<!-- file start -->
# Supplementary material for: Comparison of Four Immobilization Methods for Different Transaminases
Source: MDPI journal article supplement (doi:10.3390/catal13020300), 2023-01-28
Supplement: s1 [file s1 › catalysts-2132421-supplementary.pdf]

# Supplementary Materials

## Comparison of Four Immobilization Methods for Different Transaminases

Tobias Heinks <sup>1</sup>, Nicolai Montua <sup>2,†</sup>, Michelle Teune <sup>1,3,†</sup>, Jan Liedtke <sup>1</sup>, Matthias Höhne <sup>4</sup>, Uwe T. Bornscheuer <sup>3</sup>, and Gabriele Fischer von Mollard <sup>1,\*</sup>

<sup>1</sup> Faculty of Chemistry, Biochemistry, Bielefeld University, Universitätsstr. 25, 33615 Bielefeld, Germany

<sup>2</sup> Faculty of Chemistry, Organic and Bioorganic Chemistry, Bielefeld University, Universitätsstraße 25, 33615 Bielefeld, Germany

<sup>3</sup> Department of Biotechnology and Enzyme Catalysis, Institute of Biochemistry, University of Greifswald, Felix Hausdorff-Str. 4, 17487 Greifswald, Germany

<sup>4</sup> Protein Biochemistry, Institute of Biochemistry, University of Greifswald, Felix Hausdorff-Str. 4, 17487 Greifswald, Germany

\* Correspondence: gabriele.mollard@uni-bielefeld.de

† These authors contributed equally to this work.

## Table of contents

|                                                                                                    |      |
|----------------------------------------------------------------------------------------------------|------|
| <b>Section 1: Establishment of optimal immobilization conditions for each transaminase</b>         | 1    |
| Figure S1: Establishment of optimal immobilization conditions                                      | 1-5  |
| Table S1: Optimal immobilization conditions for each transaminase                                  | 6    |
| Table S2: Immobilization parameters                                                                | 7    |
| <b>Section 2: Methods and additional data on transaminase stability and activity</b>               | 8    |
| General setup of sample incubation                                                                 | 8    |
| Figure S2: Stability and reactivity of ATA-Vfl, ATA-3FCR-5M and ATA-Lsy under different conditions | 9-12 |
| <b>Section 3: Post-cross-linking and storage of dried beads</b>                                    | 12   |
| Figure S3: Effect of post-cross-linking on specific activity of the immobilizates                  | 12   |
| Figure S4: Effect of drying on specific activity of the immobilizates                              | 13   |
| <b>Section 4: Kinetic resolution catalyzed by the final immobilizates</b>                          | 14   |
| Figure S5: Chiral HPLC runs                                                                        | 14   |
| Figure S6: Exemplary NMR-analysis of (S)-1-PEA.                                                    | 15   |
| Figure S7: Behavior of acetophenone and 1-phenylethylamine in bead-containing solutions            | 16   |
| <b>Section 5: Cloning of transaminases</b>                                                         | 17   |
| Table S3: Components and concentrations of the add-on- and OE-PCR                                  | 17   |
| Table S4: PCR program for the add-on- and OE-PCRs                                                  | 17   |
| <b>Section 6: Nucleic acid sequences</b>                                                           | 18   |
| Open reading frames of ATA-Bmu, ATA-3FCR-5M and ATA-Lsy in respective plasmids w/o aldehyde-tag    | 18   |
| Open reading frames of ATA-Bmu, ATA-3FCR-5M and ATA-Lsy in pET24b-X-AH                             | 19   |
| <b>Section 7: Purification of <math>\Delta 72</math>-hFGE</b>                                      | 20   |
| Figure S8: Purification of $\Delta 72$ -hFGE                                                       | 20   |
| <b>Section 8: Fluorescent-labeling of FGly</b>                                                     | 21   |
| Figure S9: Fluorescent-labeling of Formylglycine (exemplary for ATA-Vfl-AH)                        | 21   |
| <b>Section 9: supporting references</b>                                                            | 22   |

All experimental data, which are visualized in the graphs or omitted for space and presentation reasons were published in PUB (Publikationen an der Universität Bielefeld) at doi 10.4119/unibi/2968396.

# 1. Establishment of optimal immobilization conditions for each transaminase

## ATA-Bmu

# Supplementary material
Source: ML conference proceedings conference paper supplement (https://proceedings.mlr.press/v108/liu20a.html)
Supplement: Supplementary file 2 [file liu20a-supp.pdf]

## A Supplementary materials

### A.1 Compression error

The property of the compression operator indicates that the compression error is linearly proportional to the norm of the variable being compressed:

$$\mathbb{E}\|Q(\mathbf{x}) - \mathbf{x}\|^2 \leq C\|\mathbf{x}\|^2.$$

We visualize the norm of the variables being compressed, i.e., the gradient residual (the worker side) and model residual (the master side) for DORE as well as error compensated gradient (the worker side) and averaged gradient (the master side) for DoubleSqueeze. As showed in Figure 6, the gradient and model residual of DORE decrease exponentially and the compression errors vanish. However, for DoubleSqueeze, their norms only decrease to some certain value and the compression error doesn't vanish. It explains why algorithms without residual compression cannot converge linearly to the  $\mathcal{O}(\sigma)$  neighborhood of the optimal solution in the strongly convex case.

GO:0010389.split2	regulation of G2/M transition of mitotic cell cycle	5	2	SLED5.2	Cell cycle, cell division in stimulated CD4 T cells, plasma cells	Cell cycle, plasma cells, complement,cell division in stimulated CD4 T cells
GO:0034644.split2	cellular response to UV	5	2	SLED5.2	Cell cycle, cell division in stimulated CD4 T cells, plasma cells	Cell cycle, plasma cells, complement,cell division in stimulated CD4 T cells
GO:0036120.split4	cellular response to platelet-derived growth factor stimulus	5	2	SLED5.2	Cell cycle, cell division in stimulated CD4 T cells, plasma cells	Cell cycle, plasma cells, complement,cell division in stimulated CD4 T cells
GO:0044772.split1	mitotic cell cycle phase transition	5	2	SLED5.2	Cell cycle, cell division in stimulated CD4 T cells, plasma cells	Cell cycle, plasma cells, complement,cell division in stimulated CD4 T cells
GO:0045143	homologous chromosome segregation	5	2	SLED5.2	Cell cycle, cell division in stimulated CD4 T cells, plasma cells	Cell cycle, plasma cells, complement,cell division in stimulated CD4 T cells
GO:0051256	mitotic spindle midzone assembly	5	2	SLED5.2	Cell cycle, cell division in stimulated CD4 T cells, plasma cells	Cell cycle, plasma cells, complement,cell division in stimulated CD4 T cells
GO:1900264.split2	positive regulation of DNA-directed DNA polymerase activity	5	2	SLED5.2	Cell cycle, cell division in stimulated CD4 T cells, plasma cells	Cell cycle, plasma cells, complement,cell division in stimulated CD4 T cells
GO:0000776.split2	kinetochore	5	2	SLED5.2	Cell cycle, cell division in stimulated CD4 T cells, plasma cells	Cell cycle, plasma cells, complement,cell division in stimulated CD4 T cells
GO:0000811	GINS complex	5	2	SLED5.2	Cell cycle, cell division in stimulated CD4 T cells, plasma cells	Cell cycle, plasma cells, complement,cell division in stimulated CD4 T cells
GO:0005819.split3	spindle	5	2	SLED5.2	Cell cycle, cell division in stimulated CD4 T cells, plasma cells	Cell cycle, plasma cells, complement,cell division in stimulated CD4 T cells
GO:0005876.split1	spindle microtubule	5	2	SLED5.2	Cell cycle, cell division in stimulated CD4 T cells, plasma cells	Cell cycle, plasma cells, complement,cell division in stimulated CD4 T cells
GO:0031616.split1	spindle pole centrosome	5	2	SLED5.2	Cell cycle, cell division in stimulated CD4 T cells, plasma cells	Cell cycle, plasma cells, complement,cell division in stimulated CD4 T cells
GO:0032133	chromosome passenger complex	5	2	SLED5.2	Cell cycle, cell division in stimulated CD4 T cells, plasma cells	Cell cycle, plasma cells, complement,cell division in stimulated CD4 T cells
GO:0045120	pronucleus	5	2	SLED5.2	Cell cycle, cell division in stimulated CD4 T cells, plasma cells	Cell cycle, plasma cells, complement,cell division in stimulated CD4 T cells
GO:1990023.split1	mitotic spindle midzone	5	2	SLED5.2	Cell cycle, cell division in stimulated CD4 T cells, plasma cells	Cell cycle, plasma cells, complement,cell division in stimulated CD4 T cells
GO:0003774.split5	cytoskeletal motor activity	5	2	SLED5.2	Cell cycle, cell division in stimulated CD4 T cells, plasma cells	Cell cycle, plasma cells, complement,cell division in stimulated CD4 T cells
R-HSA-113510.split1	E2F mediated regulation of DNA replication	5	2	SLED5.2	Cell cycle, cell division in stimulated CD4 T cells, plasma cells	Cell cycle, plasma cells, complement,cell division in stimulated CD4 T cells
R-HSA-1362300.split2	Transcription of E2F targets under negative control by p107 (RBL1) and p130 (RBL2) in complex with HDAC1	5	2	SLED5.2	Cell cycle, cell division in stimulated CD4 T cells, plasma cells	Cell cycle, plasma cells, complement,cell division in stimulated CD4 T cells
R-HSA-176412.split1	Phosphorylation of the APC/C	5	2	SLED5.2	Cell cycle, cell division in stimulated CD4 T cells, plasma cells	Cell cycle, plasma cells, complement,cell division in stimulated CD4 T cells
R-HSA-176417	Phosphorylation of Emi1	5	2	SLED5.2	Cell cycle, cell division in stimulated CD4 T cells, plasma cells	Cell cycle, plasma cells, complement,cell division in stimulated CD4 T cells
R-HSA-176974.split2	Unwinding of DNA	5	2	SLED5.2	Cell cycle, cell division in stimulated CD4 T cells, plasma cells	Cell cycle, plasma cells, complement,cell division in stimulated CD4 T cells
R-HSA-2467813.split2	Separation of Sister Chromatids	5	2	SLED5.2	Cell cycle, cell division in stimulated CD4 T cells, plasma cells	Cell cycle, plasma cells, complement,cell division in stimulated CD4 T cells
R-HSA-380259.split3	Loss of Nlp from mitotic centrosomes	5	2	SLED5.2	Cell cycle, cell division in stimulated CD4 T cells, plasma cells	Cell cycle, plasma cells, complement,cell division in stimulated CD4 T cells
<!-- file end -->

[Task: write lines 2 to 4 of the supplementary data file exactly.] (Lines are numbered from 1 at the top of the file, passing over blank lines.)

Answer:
Source: MDPI journal article supplement (doi:10.3390/catal13020300), 2023-01-28
Supplement: s1 [file s1 › catalysts-2132421-supplementary.pdf]

# Supplementary Materials